This project was possible after more than 10 years of cross-border efforts and through the support of many individuals and organizations, including the Government of Canada, through the Natural Areas Conservation Program, the J.A. Woollam Foundation, the Margaret A. Cargill Foundation, the Bobolink Foundation, the Rogers Foundation, The Nature Conservancy’s Wisconsin and Minnesota programs, The Conservation Fund, Green Leaf Advisors and many individual donors in both the United States and Canada.


Conserving land for turtles at risk

On World Turtle Day 2017, NCC announced the protection of two new properties, île Hébert on the Lake of Two Mountains, at the western tip of Montreal Island, and île Reid on the Ottawa River, east of Isle-aux-Allumettes. Thanks to donations and contributions from generous partners, these important habitats will remain in their natural state as safe havens for multiple species at risk, including map turtles.

In anticipation of the turtle egg-laying period beginning in June, NCC launched the website, asking people to report turtle sightings throughout Quebec. Data collected will help identify sites in need of conservation action.

New Brunswick

Protecting important Bay of Fundy bird habitat

The island of Grand Manan, near the New Brunswick/Maine border, is located in a globally significant Important Bird Area in the Bay of Fundy, home of the world’s highest tides.

More than 350 species of birds have been identified on Grand Manan, an extraordinary diversity that includes several species designated endangered or threatened. 

In July, NCC conserved 319 acres (129 hectares) of wetland and forested habitat inside the federally designated Grand Manan Island Migratory Bird Sanctuary on the island’s south coast.  The land inside the sanctuary had been privately owned and may have been prone to development, but it is now fully protected thanks to NCC and donations from two New Brunswick families. NCC is currently working to protect the final piece of privately owned land remaining inside the sanctuary. 

Nova Scotia

Conserving karst in Cape Breton

Famous for its dramatic highlands, scenic coastline and “inland sea” of the Bras d’Or Lakes, Cape Breton Island’s unique ecosystems are a hot spot for biodiversity and species at risk. In fact, 18 federally listed species at risk and 20 provincially listed species at risk are found in the central Cape Breton region.

NCC’s first conservation project in Atlantic Canada was in Cape Breton in 1971, with the conservation of Sight Point, in the Mabou Highlands. To kick off 2017, NCC completed its first large-scale conservation plan for Cape Breton, with the goal of protecting 5,000 acres (2,000 hectares) of ecologically significant land in the central part of the island over the next 10 years.  In October, NCC announced the protection of 676 acres (274 hectares) of mature forest, wetlands and dramatic karst (gypsum-based) landscapes, featuring white cliffs, sinkholes and caves.  Cape Breton has some of the best remaining intact karst landscapes in North America, and now hundreds of acres of this rare habitat are protected by NCC.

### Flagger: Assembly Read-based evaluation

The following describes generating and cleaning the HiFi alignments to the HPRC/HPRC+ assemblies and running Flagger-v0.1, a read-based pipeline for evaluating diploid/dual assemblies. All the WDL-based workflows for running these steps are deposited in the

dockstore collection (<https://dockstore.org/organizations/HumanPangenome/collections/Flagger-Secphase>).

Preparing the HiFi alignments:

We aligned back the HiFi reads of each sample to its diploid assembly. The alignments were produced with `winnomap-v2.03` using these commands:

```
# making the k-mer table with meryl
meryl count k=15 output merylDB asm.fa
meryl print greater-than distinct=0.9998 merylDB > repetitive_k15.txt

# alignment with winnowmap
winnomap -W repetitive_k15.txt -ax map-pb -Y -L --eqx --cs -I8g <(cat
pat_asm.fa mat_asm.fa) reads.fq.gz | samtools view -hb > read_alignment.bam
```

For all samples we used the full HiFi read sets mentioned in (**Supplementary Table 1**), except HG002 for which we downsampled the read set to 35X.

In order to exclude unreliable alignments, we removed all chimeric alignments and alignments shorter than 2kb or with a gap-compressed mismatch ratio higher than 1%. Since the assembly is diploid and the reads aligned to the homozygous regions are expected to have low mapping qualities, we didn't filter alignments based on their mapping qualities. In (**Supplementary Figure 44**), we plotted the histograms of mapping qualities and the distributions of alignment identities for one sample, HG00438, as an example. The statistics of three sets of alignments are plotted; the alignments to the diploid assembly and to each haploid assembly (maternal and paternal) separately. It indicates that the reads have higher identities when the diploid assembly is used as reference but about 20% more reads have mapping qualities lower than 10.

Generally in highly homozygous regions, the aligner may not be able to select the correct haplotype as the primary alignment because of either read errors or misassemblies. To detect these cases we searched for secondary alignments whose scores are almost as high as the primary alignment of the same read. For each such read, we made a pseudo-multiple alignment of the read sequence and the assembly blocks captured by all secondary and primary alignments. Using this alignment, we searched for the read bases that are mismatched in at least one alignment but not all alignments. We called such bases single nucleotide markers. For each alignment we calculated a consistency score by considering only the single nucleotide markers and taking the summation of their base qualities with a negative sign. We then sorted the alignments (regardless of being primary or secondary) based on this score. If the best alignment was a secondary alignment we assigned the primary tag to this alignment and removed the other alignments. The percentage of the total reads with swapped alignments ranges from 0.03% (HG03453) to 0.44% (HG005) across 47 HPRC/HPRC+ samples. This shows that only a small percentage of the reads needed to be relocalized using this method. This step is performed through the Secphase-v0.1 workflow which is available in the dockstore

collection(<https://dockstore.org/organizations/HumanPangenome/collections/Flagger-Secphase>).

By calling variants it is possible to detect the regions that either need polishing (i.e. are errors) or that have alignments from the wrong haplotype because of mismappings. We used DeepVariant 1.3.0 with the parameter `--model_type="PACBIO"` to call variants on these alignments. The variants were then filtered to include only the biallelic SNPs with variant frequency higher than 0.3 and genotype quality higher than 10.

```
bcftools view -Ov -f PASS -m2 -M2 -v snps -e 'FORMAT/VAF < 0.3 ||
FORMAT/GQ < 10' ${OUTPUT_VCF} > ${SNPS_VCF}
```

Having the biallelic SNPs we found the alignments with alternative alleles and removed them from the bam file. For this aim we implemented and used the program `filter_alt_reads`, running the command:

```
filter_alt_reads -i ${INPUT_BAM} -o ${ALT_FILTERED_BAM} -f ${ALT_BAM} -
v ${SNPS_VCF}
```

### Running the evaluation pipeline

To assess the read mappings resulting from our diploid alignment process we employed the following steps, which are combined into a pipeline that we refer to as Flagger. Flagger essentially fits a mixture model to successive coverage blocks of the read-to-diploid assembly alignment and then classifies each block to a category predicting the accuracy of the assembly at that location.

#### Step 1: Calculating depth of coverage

Prince Edward Island

Protecting land for endangered piping plover

The Cascumpec Sandhills are among Prince Edward Island’s most fragile and vital habitats — fragile because the grass-covered dunes are continually shifting as they bear the brunt of severe storms, and vital because they support rare plant species and provide valuable habitat for endangered birds. Located on the northwest shore, the Cascumpec Sandhills are part of a chain of near-shore islands considered PEI’s last true wilderness.

Thanks to the generosity of a donor with PEI roots, NCC has conserved 150 acres (60 hectares) of exceptional shorebird habitat on the Cascumpec Sandhills — a critical nesting site for endangered piping plover. Through the conservation of this property and the nearby Conway Sandhills property, NCC now protects some of the most secluded nesting areas in Atlantic Canada for this globally rare species.

Newfoundland and Labrador

Expanding conservation in the Codroy Valley

NCC celebrated 20 years of conservation in the beautiful Codroy Valley by protecting an additional 150 acres (61 hectares) of forest and wetland habitat along the Grand Codroy Estuary, including one of the area’s largest bogs.

NCC has now conserved a total of 600 acres (243 hectares) in the Codroy Valley, about 40 kilometres north of Channel-Port aux Basques. The Codroy Valley not only supports one of the most diverse bird populations in Atlantic Canada, it is the location for Newfoundland and Labrador’s only Ramsar site and is a key annual stopover site for thousands of migratory birds. With a walking trail that passes through the property, it has become a popular nature destination for birders and hikers.


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scenic_oxley_ranch_in_southern_foothills_alberta_photo_by_ncc.jpgScenic Oxley Ranch in Southern Foothills, Alberta (Photo by NCC) (JPG)1.15 MB
piping_plover_photo_by_bob_devlin.jpgPiping Plover (Photo by Bob Devlin) (JPG)18.12 KB